Unraveling the role of tyrosyl- and glycyl-tRNA synthetases in neurodegeneration - insights from Drosophila
30 April 2015
UAntwerp, Campus Drie Eiken, Building Q, Auditorium Fernand Nédée - Universiteitsplein 1 - 2610 Wilrijk (Antwerp)
4:30 PM - 6:30 PM
Prof Albena Jordanova, Prof Vincent Timmerman
PhD defence Biljana Ermanoska - Faculty of Pharmaceutical, Biomedical and Veterinary Sciences, Department of Biomedical Sciences
The aminoacyl‐tRNA synthetases (aaRSs) are ancient enzymes that catalyze the ligation of an amino acid to its cognate tRNA in a two‐step aminoacylation reaction. By ensuring the accurate translation of the genetic information into a functional protein, these enzymes are essential for each living cell. Nevertheless, genetic defects in six aaRSs are specifically inducing neurodegeneration of the peripheral nerves in humans, diagnosed as various subtypes of Charcot Marie Tooth (CMT) disease. Dominant mutations in YARS and GARS are causing Dominant Intermediate CMT type C (DI‐CMTC) and CMT type 2D, respectively. Importantly, not all mutations in YARS and GARS impair their enzymatic activity, making the loss of the canonical aminoacylation function unlikely to be the trigger of the peripheral neurodegeneration. It is currently unknown which function of the aaRSs is affected by the CMT‐causing mutations and how this leads to neurodegeneration.
Recently, we have described neurotoxic effects of the DI‐CMTC mutations in Drosophila, making this organism a valid model to study the underlying disease pathomechanism. Despite already fourteen CMT‐associated variations in GARS are described, none of them was successfully studied in an animal model thus far. As part of my PhD studies, we established a CMT2D model by expressing two pathogenic GARS mutations (G240R and P234KY) in Drosophila.
Interestingly, these flies exhibited phenotypes similar to the ones described in the DI‐CMTC Drosophila model, ranging from compromised viability, climbing defects and neuronal electrophysiological and morphological impairment, as well as mutant specific phenotypes, amenable to largescale genetic screens. Additionally, we demonstrated that the cytoplasmic isoform of GARS is sufficient to induce the observed phenotypes. In order to give an answer to the question which function/s of YARS and GARS are affected by the CMT mutations, we performed an unbiased screening for diseaserelevant genetic interactions in Drosophila.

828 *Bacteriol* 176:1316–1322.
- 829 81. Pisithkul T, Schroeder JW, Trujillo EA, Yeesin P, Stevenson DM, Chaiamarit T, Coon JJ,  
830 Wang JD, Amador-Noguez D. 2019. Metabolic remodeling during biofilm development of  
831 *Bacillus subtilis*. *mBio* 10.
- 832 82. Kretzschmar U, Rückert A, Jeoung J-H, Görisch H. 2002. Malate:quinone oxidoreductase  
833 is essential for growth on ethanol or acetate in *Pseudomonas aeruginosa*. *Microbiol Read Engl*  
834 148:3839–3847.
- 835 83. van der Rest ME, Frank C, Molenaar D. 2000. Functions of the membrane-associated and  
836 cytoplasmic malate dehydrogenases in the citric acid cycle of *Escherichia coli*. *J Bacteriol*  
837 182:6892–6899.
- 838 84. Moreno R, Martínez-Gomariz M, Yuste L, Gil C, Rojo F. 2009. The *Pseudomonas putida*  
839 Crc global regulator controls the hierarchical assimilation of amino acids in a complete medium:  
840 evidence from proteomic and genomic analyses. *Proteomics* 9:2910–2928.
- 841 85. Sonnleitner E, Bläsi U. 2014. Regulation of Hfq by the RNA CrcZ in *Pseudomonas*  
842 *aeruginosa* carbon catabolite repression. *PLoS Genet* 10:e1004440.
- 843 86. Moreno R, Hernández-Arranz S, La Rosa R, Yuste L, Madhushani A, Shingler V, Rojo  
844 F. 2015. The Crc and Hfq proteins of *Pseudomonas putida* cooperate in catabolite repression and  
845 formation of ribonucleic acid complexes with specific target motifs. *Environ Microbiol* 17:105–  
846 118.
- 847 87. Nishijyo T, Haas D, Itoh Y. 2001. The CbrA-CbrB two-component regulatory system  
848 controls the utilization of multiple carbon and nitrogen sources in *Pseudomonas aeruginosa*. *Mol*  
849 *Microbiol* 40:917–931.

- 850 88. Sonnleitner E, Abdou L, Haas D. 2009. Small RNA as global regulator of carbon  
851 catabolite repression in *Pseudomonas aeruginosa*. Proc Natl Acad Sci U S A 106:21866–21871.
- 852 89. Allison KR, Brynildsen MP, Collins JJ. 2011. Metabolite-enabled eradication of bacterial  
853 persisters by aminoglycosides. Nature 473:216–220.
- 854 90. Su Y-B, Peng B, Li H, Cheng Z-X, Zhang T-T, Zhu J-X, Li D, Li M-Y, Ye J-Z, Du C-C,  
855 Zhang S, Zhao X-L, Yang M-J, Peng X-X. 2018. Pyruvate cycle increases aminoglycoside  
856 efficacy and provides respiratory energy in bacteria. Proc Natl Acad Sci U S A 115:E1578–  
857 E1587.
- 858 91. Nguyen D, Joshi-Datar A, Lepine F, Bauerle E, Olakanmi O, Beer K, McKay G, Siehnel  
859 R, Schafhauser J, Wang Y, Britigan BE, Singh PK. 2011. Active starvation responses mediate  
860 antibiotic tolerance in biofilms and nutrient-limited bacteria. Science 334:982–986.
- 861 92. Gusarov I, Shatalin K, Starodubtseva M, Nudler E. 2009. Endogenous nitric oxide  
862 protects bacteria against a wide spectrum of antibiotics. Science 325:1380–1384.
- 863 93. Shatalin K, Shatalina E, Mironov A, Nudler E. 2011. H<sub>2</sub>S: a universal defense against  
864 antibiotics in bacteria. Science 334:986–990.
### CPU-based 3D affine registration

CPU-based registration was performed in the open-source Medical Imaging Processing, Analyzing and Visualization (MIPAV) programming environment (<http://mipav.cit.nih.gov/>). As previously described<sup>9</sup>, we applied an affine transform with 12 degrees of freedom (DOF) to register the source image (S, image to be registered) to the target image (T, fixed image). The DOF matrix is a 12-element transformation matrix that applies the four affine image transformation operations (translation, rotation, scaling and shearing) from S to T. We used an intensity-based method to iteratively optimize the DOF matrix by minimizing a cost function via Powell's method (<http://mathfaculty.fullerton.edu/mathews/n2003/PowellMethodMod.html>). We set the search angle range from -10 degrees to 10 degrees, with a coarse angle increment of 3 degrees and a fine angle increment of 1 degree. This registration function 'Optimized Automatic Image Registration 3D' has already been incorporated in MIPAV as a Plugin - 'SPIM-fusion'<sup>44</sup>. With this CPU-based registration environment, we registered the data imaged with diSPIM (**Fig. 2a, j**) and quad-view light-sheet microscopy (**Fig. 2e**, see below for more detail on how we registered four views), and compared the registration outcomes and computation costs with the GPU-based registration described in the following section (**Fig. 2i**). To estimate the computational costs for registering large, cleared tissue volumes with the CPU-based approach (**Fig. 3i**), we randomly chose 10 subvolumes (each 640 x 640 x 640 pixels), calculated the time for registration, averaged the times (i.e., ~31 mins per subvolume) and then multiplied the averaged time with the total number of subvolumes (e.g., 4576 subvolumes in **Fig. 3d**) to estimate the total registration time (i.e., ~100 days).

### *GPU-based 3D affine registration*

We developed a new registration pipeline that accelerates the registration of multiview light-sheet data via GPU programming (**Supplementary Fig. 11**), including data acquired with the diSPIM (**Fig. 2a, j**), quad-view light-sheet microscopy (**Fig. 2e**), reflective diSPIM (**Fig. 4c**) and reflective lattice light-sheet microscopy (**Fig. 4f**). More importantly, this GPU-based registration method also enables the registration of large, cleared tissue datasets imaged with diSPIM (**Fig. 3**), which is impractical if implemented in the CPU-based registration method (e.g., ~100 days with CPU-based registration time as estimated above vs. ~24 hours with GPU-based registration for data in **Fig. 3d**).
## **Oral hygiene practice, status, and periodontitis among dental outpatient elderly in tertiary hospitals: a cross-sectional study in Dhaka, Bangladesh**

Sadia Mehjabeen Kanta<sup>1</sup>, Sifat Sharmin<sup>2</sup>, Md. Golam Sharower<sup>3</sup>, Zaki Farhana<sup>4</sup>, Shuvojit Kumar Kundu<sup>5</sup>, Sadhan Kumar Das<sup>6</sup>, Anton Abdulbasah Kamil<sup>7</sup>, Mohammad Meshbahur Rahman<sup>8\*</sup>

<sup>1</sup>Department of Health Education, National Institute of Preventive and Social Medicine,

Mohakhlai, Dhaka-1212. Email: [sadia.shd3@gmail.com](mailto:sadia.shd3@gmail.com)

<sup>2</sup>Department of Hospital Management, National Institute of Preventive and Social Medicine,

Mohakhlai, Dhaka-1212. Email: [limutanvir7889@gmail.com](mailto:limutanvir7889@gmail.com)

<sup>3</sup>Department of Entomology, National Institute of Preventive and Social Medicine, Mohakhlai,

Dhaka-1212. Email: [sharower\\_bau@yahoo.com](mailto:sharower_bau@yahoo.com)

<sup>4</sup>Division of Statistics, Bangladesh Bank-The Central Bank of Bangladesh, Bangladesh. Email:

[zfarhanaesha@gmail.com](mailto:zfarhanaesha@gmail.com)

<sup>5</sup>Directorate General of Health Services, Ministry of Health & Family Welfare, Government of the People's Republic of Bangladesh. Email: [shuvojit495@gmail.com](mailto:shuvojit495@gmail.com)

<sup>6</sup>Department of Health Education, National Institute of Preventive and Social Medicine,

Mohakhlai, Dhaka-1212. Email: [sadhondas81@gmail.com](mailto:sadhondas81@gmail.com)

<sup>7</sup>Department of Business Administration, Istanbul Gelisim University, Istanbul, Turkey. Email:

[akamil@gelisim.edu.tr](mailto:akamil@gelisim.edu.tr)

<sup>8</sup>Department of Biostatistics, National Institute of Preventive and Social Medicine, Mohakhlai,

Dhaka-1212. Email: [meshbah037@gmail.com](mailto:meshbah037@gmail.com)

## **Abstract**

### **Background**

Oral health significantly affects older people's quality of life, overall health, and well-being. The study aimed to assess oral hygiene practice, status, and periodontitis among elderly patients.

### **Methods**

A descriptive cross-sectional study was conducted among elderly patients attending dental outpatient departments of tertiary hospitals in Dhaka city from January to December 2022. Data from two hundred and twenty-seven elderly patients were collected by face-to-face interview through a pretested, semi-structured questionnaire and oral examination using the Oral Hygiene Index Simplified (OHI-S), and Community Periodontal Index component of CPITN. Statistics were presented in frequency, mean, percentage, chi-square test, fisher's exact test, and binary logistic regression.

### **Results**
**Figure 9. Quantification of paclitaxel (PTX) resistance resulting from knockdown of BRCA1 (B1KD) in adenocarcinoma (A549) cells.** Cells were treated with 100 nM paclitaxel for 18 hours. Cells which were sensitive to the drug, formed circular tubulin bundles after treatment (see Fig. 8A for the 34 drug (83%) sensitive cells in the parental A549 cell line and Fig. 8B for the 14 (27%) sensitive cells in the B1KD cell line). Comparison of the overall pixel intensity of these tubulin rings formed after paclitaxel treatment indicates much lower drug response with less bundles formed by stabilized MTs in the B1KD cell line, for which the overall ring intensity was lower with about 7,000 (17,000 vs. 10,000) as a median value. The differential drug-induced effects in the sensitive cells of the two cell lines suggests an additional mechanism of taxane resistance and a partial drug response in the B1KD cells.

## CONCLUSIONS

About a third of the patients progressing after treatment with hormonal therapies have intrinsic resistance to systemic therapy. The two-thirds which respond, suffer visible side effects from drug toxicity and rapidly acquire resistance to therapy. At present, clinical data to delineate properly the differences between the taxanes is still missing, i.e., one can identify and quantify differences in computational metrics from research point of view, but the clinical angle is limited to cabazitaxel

The first genetic evidences that the two CMTassociated aaRSs could have a shared mechanism underlying the disease pathology came by identifying seven common modifiers of mutant YARS and GARS‐induced ommatidial disorganization. Four of the modifier genes encode actin‐binding or ‐regulating proteins and they served as a genetic determinant to study actin cytoskeleton. Interestingly, we were able to demonstrated actin cytoskeleton misbalance in the nervous system of the DI‐CMTC/CMT2D flies, as well as in CMT patients‐derived cells.
Altered subcellular distribution of mutant YARS and GARS is a topic studied as extensively as the canonical function of both enzymes. For the first time, we demonstrate specific sub‐synaptic localization for the two aaRSs, where they affect the synaptic actin cytoskeleton and synaptic vesicles’dynamics. Additionally, we were able to modulate the neurotoxicity observed in the DI‐CMTC/CMT2D flies by altering the expression levels of Fimbrin, a genetic modifier with key function in actin remodeling.
In summary, by exploring the CMT2D and DI‐CMTC Drosophila models we were able to identify a) a novel role for the two CMT‐causing aaRSs in actin cytoskeleton remodeling, b) specific subsynaptic localization for both mutant and wild type YARS and GARS, and thereby, c) their contribution to the synaptic function and the DICMTC/CMT2D pathogenesis, respectively.